70 languages lost in Nigeria in just over a century

ANADOLU AGENCY
ABUJA
Published
Photo shows Lagos city. English is mostly used in larger cities such as Lagos and Abuja while locals in rural areas prefer their local languages.
Photo shows Lagos city. English is mostly used in larger cities such as Lagos and Abuja while locals in rural areas prefer their local languages.

While there were 520 indigenous languages spoken in Nigeria, the home of different ethnic and religious groups, in the beginning of the 1900s, today, the number dropped down to 450.

According to academics conducting research on languages in Africa, one of the main reasons behind the erosion of local languages is the history of colonization, trade conducted only in certain languages and decrease in the population speaking the local languages.

Academics from the Languages Department of Bayero University in Kano, Professor Usman Usaini Fagge, ProfessorIbrahim Garba Satatima and Dr. Aliyu Musa talked to Anadolu Agency (AA) on the languages spoken in Nigeria.

Highlighting that the number of languages spoken in the country are decreasing by the day, Prof. Fagge noted that 520 indigenous languages spoken at the beginning of the 1900s have perished over the years and currently, the official language is English, with Hausa, Yoruba and Igbo being the commonly used languages.

Prof. Fagge recalled the conference organized in Nigeria in 2014, which revealed that 450 tribes speak indigenous languages in Nigeria, thus there are 450 local languages currently spoken in Nigeria.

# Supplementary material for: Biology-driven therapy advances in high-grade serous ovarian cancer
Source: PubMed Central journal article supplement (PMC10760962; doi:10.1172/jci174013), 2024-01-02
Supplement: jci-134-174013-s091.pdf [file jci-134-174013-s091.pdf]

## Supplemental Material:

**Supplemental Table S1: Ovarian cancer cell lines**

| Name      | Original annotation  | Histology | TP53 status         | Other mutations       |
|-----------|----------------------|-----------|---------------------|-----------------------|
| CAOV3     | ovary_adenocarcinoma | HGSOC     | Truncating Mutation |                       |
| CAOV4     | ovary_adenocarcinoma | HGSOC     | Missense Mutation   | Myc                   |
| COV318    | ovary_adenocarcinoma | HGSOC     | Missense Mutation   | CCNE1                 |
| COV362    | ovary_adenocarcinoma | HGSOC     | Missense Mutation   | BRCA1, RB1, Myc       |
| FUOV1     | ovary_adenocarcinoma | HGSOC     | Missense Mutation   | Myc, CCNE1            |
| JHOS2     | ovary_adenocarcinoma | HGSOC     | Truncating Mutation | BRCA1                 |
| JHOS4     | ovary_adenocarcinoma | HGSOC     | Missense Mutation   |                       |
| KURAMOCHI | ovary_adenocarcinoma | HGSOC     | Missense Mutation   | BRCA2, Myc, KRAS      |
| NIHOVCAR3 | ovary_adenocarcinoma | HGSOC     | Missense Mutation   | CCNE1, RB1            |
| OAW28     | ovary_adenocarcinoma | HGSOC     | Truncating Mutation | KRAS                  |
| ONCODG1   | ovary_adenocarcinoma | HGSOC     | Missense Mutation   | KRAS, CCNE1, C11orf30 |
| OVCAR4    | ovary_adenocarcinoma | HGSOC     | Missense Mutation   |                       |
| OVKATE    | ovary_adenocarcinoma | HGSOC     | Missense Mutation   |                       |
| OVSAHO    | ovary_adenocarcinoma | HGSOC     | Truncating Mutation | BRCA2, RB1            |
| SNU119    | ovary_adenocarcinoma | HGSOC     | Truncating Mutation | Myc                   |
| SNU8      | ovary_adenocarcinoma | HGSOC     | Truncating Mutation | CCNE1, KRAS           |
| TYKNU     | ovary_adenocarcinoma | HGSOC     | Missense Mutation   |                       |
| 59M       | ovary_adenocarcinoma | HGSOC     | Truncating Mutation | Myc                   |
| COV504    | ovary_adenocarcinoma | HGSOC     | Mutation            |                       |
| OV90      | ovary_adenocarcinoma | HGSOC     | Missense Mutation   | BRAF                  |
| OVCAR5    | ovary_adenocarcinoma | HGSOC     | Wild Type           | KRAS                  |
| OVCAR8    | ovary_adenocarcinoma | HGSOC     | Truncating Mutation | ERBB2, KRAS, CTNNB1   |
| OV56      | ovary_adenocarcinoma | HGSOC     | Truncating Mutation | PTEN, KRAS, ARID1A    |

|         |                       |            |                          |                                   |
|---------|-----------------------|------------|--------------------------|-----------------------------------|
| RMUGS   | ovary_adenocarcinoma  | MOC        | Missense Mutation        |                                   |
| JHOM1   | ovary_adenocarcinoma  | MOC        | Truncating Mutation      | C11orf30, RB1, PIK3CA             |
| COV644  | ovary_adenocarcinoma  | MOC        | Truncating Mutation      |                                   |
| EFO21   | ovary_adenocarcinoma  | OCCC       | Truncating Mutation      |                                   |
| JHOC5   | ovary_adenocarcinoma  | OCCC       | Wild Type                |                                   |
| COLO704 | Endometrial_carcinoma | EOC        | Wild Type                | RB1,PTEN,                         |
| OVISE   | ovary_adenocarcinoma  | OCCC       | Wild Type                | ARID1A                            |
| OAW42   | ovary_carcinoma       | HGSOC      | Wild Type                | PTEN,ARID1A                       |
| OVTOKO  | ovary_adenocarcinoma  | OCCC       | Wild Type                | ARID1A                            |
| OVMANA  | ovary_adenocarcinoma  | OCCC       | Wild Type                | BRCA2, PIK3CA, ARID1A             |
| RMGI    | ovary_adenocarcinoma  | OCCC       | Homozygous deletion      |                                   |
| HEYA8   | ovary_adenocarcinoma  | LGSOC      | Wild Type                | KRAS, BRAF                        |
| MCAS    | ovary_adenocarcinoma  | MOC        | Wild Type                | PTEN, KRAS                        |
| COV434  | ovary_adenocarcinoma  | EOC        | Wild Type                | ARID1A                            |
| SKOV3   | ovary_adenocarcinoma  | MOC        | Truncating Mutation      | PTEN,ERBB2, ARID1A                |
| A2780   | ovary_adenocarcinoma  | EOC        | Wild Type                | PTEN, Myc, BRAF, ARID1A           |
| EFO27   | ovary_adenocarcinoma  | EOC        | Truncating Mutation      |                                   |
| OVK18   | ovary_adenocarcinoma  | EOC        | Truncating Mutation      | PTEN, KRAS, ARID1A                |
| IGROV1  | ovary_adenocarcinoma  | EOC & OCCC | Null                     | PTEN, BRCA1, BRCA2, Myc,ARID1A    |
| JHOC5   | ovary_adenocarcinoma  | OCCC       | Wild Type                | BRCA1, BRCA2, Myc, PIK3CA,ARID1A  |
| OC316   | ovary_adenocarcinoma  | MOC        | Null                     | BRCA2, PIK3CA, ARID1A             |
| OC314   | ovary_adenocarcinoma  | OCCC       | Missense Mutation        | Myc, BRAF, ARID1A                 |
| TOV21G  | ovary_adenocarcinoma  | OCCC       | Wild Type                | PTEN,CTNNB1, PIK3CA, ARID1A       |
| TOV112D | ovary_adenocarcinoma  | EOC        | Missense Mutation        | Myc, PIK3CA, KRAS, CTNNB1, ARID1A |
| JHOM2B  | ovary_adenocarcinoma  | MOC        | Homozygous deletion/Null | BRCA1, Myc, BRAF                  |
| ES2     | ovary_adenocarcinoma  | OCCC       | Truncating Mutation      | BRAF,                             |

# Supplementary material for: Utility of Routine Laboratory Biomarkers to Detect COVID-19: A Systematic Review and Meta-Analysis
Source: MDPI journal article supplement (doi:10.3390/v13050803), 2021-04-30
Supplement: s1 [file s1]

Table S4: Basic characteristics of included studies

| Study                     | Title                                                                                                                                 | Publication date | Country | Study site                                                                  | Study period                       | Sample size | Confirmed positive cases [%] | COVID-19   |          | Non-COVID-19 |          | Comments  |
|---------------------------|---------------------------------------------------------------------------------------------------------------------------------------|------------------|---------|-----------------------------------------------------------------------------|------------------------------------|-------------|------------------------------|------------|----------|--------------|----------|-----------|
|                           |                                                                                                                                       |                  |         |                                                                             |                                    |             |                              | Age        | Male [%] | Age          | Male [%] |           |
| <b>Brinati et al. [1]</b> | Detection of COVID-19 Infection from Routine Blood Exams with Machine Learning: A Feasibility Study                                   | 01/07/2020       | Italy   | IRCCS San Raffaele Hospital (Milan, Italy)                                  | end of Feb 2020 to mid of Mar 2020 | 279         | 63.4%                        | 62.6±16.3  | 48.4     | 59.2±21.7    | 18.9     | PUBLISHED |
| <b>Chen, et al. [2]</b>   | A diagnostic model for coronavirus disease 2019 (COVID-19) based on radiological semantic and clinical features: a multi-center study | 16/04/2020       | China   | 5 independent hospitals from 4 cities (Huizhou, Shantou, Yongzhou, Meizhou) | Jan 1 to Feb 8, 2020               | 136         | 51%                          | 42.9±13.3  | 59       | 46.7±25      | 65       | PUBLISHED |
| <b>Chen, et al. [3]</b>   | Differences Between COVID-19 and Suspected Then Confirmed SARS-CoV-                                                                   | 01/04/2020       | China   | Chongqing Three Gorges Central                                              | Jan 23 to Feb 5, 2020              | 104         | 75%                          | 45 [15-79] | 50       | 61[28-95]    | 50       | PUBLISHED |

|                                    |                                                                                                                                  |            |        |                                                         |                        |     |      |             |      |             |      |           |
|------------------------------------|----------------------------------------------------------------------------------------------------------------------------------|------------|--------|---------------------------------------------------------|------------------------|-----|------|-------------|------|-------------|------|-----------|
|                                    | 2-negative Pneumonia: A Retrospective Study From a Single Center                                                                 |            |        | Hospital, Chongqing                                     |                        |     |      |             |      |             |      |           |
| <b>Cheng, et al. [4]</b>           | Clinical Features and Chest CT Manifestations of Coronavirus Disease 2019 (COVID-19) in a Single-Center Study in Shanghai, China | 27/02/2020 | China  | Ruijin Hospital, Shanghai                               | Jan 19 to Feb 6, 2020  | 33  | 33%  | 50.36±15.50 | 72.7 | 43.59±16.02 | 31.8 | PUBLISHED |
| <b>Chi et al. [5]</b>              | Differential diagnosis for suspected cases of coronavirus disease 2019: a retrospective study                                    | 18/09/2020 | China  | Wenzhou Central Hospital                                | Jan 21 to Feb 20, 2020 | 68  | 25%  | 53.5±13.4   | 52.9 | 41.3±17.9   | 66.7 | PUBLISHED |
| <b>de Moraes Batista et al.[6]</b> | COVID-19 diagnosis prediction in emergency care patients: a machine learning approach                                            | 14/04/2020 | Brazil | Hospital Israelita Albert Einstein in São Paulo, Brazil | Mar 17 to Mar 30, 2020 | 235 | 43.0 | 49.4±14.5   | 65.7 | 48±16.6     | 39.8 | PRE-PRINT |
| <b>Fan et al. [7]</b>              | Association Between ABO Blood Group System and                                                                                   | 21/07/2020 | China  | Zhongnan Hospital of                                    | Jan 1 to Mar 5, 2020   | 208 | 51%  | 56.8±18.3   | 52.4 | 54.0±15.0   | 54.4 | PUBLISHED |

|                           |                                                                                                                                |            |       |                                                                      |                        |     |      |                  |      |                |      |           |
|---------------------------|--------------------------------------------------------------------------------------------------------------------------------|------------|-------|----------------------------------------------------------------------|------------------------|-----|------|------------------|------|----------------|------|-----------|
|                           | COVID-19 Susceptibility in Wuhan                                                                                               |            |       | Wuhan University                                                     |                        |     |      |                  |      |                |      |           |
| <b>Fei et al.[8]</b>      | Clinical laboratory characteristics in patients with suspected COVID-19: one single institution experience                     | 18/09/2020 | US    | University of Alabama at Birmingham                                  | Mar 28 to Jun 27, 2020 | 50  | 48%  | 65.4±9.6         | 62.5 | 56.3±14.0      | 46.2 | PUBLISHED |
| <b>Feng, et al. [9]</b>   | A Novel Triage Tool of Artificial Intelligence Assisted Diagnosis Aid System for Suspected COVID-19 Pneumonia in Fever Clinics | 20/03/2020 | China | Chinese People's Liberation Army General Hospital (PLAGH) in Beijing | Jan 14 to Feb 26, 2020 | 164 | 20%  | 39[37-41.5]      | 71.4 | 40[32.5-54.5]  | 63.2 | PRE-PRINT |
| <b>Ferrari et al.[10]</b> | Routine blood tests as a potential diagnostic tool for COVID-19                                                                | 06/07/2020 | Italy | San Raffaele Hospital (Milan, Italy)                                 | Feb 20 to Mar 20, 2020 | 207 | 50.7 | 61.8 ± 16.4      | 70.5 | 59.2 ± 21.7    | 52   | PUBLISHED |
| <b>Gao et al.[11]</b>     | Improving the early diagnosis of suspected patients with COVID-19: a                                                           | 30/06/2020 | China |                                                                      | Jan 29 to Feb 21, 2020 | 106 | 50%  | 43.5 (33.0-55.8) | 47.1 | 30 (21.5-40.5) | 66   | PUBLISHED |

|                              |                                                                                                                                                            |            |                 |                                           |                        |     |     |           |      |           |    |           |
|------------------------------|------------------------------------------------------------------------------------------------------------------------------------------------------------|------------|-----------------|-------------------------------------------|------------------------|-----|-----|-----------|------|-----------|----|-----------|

After Nigeria came under the rule of Britain in 1914, the richness of languages spoken in the country started to decline. When the country gained its independence in 1960, English was accepted as the official language and using only English for all official transactions, procedures and education thus eliminated many of the languages that were spoken.

English is mostly used in larger cities such as Lagos and Abuja while locals in rural areas prefer their local languages.

Prof. Satatima also indicated trade as the cause behind the loss of many indigenous languages and since Hausa, Yoruba and Igbo are also languages used in trade, other ethnic languages are

slowly losing their efficiency.

Additionally, according to Prof. Satatima, as the number of citizens who speak indigenous languages is decreasing, any language under threat is bound to become lost.

Stating that ethnic structure and language variability in Nigeria, which has a population of 200 million, is mostly due to the historical slave trade, Dr. Musa pointed out the impact of slavery on the richness of languages in the country. "The main reason why there are so many languages in Nigeria is slaves, who were being transported from Africa to America and Europe, to escape from slave traders, had to take refuge in Nigeria as they could not return home, thus, they contributed to the language richness of Nigeria," Dr. Musa said.

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